In hours the Minutes will print
Perhaps they will give us a hint
Of when the Fed’s caper
The now famous taper
Will help them to slow down the Mint
The dollar continues to perform well against the Emerging market set, but is rallying against its G10 brethren as well this morning. Pretty much everything you read today prefaces some point with “…before the Fed minutes are released.” I don’t know that I can ever remember the Minutes being so anxiously awaited. The question is whether they will be that meaningful. I mean the release this afternoon has taken on almost mythical significance. I have a feeling we could all be very disappointed as they won’t actually reveal the starting date. I think we already know everything; that the Fed is watching the data closely and if the numbers continue to show their recent slow improvement, the Fed will slow down its rate of purchases. How will that disappointment play out? My guess is the initial move will be a dollar sell-off and equity rally. But ultimately, it remains clear the Fed is strongly considering a reduction of QE and so the dollar will eventually benefit further, likely even before the end of the session.
Perhaps just as interesting to FX markets has been the story from Germany where FinMin Wolfgang Schaeuble admitted yesterday that the Eurozone would have to resort to the “further measures and assistance” for Greece that were agreed last November. Cutting through the euphemisms, he is saying that Greece is going to benefit from either having loans forgiven or receive direct aid. As I have written consistently for the past 3 years, Greece is broke and there is nothing that the country can ever do to repay the current debt outstanding. They have already forced the private sector to take its haircuts and now most Greek debt is owned by the public sector. Thus, Schaeuble is starting to pave the way for the public sector to actually pay the freight. Now he and Merkel want to prevent any problems ahead of the German election in about 5 weeks, but there is no doubt that within a relatively short time after the election, we will awaken to a story about the Eurozone writing down debt or putting up straight aid, not loans. This highlights the ongoing problems for the euro, and remains one of the key reasons that I find it difficult to see a significant rally. However, I respect the flow story and the ongoing changes in the balance sheets of the Fed and the ECB continue to be a key support for the single currency.
In the UK, we saw modestly weaker data with the PSNB falling a smaller than expected £1.6 Billion indicating that the recent better than expected UK data has not yet led to an increase in tax revenues. But the market didn’t seem to care much as the pound is essentially unchanged this morning. The other stories about the pound are of the Mark Carney variety, with more analysis on the newly invoked BOE guidance efforts. While guidance had been modestly successful for the Fed, I believe that markets are becoming wise to the idea that guidance is an effort by the central banks to NOT do something, and as I wrote yesterday, markets are pining for action not words. I believe that we will continue to see markets push hard to force central banks to act, and will punish either government debt markets or currencies or both if guidance is all that they see. In this case, I actually think the pound has room to rally further because the BOE guidance has been an effort to continue low rates without spending any resources. One of the natural outcomes would be a weaker pound, something welcomed by the British manufacturing community. So a stronger pound would be the market response to force the issue.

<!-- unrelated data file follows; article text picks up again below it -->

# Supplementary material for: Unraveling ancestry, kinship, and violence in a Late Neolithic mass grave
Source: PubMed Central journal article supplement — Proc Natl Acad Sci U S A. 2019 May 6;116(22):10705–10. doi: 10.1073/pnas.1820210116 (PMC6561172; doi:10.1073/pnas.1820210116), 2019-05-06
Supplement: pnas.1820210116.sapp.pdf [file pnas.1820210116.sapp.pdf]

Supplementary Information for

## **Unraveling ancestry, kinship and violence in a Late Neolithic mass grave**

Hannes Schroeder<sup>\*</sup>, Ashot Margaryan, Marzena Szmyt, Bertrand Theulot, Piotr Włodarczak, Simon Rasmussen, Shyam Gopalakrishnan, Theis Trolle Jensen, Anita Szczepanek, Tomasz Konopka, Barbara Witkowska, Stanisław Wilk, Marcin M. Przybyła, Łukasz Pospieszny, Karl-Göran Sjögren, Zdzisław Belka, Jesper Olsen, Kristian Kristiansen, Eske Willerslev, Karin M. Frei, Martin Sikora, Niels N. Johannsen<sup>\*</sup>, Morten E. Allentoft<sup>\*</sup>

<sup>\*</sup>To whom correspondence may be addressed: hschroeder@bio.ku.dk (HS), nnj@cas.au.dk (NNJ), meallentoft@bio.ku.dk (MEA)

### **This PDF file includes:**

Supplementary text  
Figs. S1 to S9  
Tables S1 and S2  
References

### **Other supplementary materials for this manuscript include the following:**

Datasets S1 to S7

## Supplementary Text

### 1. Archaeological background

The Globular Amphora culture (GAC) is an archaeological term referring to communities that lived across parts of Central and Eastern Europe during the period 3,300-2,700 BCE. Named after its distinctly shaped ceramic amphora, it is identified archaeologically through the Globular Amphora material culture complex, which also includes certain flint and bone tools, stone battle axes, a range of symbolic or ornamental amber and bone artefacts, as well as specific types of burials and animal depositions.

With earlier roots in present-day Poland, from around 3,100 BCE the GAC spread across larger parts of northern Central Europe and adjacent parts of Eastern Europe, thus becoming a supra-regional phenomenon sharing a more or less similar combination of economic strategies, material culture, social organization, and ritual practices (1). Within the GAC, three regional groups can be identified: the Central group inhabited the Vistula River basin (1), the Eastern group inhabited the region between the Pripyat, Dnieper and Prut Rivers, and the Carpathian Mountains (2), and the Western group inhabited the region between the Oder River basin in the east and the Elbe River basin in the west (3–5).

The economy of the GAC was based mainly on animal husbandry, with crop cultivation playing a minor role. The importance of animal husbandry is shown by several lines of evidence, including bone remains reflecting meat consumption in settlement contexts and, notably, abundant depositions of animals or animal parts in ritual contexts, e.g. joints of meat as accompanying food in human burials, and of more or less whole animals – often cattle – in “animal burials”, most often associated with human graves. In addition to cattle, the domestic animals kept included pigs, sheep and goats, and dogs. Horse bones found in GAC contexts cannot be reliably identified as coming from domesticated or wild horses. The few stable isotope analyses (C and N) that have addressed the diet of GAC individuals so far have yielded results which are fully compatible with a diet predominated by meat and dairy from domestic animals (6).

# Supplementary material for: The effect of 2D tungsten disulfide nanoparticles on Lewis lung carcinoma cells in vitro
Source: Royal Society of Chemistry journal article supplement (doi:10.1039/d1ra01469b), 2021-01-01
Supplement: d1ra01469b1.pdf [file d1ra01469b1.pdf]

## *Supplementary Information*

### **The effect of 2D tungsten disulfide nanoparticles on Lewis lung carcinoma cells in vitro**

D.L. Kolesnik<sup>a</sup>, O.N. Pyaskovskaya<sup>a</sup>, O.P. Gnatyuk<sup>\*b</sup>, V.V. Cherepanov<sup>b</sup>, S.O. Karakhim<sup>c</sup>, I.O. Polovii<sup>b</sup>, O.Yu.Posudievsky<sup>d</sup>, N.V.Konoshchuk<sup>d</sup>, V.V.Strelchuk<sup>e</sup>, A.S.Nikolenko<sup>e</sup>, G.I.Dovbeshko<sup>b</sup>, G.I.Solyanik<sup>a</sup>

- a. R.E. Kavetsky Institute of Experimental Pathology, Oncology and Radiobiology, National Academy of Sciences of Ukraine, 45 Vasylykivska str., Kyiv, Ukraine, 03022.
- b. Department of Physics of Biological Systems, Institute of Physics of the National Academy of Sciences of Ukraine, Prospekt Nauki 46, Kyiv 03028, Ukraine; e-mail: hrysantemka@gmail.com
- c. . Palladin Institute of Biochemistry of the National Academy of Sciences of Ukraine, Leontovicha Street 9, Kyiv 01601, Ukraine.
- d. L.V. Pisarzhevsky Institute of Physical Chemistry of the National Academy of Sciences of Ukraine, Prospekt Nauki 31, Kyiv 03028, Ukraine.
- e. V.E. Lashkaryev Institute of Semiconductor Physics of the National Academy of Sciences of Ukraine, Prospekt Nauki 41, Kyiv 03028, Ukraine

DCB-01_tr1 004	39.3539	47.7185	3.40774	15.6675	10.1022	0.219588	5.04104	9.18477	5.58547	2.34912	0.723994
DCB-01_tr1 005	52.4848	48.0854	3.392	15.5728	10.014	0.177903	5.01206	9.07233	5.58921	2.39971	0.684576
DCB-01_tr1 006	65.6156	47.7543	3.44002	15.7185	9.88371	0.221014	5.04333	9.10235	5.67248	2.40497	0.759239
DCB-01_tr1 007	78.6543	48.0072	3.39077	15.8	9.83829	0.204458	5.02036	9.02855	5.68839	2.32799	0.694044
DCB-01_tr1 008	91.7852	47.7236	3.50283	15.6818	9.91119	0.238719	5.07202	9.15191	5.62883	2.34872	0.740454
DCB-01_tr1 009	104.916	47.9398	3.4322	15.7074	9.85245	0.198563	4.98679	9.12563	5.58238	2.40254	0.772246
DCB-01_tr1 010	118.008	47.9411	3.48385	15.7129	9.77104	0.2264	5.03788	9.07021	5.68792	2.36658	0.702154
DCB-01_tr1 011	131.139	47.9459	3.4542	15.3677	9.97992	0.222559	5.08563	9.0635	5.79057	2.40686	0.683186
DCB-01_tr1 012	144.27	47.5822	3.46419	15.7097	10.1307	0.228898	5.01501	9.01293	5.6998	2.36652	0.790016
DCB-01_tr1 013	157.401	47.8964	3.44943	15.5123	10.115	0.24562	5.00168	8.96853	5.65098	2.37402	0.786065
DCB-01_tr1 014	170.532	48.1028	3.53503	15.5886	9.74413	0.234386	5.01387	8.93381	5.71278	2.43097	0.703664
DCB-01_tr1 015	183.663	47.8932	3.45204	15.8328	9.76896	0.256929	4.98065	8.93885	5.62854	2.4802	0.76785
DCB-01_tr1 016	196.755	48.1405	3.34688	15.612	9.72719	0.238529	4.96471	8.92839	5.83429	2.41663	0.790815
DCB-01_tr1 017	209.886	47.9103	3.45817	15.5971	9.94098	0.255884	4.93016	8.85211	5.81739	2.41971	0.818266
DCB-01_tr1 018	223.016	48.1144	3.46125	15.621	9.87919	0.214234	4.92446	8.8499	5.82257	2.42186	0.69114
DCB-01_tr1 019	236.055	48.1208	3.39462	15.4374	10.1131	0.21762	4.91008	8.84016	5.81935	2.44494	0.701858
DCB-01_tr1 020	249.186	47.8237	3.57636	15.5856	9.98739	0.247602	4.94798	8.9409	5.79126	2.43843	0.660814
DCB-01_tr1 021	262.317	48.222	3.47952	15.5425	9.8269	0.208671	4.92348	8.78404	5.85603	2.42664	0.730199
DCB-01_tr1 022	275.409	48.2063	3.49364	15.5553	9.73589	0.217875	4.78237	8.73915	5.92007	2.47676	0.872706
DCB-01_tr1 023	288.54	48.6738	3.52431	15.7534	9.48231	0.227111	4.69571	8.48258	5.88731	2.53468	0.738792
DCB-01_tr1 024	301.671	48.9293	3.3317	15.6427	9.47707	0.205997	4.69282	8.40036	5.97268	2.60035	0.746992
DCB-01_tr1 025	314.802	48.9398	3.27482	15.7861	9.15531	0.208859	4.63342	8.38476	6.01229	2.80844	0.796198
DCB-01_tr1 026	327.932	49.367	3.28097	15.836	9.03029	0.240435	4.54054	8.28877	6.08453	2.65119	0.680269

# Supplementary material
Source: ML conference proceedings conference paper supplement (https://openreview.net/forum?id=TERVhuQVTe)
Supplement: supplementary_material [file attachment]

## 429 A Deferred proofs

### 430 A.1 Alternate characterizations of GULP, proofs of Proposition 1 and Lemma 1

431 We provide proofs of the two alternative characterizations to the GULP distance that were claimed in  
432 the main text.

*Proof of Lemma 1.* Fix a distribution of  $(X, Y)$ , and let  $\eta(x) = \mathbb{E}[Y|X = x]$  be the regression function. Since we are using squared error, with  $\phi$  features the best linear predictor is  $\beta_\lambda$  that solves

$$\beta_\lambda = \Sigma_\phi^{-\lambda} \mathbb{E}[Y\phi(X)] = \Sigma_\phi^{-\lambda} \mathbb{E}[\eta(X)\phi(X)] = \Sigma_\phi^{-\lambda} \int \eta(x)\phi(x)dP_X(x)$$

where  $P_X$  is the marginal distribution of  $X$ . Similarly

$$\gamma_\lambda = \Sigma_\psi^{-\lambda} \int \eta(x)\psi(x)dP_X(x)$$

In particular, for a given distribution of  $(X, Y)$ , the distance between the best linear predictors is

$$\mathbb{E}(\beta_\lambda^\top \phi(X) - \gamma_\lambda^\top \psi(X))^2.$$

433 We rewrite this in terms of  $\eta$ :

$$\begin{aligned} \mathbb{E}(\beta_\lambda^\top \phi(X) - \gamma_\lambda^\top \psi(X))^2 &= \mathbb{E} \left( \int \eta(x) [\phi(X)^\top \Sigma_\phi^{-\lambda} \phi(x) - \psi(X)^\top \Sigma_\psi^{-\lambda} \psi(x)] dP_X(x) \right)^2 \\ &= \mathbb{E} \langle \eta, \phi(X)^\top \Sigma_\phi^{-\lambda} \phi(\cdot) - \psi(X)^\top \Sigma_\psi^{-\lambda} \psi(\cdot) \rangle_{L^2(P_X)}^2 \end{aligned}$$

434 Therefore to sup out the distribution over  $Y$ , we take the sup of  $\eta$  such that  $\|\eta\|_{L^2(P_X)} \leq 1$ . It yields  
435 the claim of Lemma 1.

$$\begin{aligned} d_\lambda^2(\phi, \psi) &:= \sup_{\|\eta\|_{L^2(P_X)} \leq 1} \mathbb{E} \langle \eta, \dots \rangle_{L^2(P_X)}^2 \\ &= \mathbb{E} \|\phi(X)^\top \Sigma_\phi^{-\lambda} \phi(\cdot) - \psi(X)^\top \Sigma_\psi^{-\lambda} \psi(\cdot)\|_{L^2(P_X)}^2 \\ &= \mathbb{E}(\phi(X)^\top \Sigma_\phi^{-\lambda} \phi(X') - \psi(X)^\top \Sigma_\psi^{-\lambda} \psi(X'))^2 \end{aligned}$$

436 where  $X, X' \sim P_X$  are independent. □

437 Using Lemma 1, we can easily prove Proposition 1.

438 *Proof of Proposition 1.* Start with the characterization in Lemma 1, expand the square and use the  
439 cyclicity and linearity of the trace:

In the commodity space, both CAD and AUD have traded lower, with CAD back at its lowest levels in a month. This seems to be a combination of general USD strength, combined with some softness in commodities and somewhat weaker minor data released yesterday. The options community seems to be focused on 1.0450, but the big psychological level will be 1.0500. While we did spend some time above that level back in June, it has represented a pretty strong resistance level during the past several years. Unless the Fed spells out a taper timeline, I think we fail at that level for now.
USDINR traded to yet another historic high overnight, falling some 1.2% as the RBI has proven incapable of convincing anyone that they can manage the situation. My big concern is that we are at the beginning of a legitimate currency crisis there and that we are going to see an imposition of restrictions and other measures as capital flees the country as quickly as it can. Who knows, maybe it will force the politicians to act, which is desperately needed, but of that I’m not confident. At the same time BRL has stabilized for the moment, seemingly finding a short term home around 2.40. While I continue to look for further depreciation in the Real, it will probably be a few sessions before that starts again. Across the rest of the space, most currencies are suffering this morning as well, but that is part of the general market activity rather than country specific news.
Later this morning we will see Existing Home Sales (exp 5.15M) but nobody really cares about anything except the Fed Minutes at 2pm. Equity futures are soft right now, but don’t look for anything until the Minutes are released.